GDC 2018 Monday Highlights!
The first day of GDC has wrapped up. Some lovely talk posters made by the staff hung between North and South Moscone Center, industry leaders give talks on the cutting edge technology at the game industry's biggest event. Here are some of the main highlights and news from the first day!
NVIDIA Real-Time Ray tracing!
NVIDIA boggles some minds with it’s RTX Real-Time Ray Tracing!
Amazon announces GameOn, a service that allows developers to host in-game and across platform events for users to compete for prizes.
Content from Epic Game’s Paragon is now on the Unreal Engine Marketplace for free!
Magic Leap One
Unreal Engine now supports the elusive Magic Leap One with the addition to Lumin SDK support. Developers will have to sign up for access, and that can be done at the Magic Leap Creator page.
HTC announces the Vive Pro headset and opens up preorders. The HTC Vive has seen a price drop for 100 USD making it affordable to developers.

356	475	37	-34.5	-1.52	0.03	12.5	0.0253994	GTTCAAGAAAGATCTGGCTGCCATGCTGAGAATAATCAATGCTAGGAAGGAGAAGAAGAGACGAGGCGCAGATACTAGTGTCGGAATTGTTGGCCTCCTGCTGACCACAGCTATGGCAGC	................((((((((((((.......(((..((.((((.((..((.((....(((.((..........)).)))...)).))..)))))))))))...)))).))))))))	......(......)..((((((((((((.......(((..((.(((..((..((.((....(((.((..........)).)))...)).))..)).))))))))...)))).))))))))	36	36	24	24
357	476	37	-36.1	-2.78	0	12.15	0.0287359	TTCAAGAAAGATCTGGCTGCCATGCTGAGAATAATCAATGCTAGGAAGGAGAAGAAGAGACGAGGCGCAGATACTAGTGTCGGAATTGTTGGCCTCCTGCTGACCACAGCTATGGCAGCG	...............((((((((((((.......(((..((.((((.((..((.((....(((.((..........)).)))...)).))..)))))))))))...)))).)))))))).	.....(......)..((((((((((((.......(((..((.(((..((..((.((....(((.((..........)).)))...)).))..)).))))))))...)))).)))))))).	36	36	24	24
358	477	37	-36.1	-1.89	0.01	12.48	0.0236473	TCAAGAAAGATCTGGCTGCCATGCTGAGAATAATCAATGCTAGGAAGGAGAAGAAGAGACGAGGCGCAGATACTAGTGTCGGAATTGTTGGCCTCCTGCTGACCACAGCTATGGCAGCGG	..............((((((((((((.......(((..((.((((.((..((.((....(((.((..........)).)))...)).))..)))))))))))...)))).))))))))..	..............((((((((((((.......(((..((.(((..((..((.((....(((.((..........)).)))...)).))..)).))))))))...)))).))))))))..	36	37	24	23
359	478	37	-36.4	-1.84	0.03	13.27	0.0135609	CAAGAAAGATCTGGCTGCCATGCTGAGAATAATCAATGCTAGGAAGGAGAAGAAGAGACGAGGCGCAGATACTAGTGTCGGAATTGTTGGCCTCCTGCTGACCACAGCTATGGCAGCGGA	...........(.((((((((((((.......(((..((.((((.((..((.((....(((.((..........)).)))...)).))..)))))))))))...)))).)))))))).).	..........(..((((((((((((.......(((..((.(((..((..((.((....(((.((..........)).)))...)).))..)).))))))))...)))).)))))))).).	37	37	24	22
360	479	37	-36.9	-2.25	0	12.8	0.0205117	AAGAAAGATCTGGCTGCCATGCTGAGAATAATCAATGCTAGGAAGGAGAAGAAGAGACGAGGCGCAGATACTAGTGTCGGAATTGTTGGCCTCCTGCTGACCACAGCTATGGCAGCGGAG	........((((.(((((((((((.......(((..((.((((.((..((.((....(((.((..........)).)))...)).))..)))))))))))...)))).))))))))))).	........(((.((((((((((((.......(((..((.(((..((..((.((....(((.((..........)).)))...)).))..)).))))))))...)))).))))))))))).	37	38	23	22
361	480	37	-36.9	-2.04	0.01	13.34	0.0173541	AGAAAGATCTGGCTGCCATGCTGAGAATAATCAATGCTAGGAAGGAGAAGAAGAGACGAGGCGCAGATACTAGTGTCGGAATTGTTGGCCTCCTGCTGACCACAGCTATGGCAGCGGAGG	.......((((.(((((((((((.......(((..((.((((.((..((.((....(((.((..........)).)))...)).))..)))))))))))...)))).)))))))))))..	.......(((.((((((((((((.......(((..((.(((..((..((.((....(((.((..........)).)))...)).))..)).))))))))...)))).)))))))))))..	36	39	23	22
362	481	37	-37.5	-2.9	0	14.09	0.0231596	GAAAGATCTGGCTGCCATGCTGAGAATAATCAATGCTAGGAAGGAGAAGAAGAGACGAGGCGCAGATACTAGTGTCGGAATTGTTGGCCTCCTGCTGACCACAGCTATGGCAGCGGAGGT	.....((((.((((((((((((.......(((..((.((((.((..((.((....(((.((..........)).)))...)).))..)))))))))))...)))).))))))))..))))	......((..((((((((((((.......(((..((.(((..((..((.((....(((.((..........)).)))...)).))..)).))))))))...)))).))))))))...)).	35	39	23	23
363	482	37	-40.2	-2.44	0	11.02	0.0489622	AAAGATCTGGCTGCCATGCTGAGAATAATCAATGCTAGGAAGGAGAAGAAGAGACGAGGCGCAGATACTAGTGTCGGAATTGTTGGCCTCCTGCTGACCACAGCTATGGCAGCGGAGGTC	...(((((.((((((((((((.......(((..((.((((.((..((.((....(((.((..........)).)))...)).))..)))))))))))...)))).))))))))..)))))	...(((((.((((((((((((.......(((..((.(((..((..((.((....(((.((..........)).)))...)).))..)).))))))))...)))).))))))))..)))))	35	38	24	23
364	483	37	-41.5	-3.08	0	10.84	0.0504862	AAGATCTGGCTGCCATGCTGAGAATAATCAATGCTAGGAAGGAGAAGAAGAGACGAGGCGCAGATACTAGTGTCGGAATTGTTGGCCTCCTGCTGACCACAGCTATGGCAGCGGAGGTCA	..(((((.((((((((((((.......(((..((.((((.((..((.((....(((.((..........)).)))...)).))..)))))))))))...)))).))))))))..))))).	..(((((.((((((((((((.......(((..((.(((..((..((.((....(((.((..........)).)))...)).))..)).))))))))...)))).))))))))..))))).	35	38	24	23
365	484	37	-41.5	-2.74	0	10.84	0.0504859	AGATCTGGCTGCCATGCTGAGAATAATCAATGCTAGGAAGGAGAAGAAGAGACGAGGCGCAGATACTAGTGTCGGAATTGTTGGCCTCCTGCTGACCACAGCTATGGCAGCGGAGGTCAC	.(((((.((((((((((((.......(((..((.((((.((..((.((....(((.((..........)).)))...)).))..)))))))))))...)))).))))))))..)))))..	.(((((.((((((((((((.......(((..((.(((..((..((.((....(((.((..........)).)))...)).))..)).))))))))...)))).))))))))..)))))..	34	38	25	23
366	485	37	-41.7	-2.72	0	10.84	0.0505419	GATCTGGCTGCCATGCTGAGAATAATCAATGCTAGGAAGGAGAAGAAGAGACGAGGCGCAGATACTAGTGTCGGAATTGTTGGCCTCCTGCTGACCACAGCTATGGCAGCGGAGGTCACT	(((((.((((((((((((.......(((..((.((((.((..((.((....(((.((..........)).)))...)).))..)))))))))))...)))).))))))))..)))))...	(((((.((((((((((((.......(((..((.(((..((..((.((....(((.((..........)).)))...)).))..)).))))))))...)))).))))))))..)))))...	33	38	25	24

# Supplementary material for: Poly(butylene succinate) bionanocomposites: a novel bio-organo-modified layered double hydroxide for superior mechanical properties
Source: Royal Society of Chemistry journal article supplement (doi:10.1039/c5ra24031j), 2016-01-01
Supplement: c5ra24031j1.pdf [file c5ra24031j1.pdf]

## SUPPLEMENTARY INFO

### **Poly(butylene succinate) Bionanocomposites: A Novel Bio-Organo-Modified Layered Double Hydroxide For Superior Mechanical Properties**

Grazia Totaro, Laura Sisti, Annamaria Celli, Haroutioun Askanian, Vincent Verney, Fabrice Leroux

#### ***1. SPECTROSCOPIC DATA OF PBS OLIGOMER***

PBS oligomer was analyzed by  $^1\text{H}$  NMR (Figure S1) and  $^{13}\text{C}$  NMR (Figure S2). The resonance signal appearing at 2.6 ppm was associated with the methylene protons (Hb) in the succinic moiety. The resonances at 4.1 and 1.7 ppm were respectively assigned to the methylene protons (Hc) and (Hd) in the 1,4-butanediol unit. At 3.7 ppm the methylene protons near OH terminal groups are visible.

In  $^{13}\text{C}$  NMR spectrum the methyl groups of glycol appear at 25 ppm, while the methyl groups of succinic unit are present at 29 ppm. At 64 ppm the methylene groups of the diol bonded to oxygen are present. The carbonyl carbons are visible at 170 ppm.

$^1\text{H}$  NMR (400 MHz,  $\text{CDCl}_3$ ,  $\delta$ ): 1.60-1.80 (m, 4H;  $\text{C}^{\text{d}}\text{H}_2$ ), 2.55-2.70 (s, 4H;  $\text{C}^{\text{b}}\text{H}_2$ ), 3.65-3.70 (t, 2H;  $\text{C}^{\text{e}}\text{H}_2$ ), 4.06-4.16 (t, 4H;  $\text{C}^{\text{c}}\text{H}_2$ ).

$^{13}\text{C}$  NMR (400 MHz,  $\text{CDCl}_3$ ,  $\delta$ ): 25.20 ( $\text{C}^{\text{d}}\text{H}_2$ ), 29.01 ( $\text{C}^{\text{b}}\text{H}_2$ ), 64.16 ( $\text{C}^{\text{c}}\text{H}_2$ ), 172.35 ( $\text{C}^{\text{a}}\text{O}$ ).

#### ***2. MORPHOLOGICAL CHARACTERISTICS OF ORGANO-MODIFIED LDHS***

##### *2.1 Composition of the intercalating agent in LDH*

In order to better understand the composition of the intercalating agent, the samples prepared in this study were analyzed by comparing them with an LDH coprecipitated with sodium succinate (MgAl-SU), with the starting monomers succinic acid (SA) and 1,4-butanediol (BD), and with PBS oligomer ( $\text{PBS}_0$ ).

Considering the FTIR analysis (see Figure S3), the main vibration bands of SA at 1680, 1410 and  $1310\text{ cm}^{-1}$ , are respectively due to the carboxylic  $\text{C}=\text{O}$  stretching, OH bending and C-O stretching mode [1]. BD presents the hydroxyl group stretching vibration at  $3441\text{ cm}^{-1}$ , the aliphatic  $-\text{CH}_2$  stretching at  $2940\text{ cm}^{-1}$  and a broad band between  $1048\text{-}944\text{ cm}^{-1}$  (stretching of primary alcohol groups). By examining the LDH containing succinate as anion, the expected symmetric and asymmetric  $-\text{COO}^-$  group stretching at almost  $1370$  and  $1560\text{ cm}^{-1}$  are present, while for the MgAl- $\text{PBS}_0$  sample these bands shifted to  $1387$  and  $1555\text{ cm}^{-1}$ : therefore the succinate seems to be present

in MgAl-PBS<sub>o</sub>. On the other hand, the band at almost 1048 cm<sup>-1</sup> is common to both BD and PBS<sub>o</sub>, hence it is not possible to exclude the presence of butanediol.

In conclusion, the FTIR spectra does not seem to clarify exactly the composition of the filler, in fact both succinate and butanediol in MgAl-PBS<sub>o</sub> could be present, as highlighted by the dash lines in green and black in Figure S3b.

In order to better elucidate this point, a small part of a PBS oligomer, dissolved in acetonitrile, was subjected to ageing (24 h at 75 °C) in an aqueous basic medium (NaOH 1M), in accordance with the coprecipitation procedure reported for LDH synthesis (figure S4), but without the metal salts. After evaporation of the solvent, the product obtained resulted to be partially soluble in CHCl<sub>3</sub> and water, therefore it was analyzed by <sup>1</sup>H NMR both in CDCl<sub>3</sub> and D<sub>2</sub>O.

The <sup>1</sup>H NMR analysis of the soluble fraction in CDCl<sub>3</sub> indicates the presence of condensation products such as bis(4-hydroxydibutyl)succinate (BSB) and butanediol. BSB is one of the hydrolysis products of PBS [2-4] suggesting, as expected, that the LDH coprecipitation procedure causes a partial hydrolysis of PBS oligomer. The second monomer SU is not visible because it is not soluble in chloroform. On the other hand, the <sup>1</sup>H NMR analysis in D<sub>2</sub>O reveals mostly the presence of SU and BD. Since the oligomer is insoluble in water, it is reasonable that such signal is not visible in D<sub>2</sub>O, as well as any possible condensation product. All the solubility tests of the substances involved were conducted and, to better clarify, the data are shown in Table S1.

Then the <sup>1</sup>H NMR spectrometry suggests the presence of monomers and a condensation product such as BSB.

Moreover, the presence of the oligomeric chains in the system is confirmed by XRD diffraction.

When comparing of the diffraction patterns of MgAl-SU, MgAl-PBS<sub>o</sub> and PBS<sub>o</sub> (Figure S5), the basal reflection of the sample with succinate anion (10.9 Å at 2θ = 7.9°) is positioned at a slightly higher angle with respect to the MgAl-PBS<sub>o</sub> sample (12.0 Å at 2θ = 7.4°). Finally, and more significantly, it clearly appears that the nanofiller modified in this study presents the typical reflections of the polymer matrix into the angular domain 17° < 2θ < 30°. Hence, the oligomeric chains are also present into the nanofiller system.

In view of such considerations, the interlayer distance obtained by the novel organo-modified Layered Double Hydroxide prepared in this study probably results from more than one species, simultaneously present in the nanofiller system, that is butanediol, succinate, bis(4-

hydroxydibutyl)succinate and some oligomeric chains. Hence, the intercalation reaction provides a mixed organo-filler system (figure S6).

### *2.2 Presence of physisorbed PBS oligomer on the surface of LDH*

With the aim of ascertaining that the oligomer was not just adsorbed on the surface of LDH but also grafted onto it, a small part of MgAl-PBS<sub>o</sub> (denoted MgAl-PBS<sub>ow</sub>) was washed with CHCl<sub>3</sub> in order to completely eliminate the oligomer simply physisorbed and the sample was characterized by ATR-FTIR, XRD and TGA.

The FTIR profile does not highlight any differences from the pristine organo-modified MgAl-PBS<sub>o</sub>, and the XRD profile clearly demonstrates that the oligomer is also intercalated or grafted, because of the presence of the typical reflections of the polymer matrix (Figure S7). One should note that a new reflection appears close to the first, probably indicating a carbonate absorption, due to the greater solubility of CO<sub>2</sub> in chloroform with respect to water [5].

Google Play: download-free instant games
Google has announced development for it’s new feature, Google Play Instant, for Android.
Humble Bundle has the IGF Choice Award Sale!
The forever wonderful Humble Bundle has up to 50% off sale on the IGF Choice awards. If you haven’t gotten your copy of Cuphead, Tormenter x Punisher, or Dream Daddy, now is your chance!
Must read talks on Game Development from summarized by the fine folks at Gamasutra:
Kris Graft of Gamasutra sums up Tom Francis experiences on Heat Signature with Scope Creep: A useful, treacherous tool.
Zak Garriss, lead writer on Life Is Strange: before the Storm discusses how to run a successful writer’s room.
Gabby DaRienzo on A Mortician’s Tale deconstructs how death should be designed.
Eric Stirpe and Molly Maloney of Telltale Games discusses Building a Partnership Between Writers and Narrative Designers.
Jennifer Scheurle discusses Appreciating the magic(and power) of hidden game mechanics.
Andrew Eiche and Cy Wise of Job Simulator and Rick and Morty: Virtual rick-ality discuss Using data to look at what VR games get right (and wrong) about accessibility.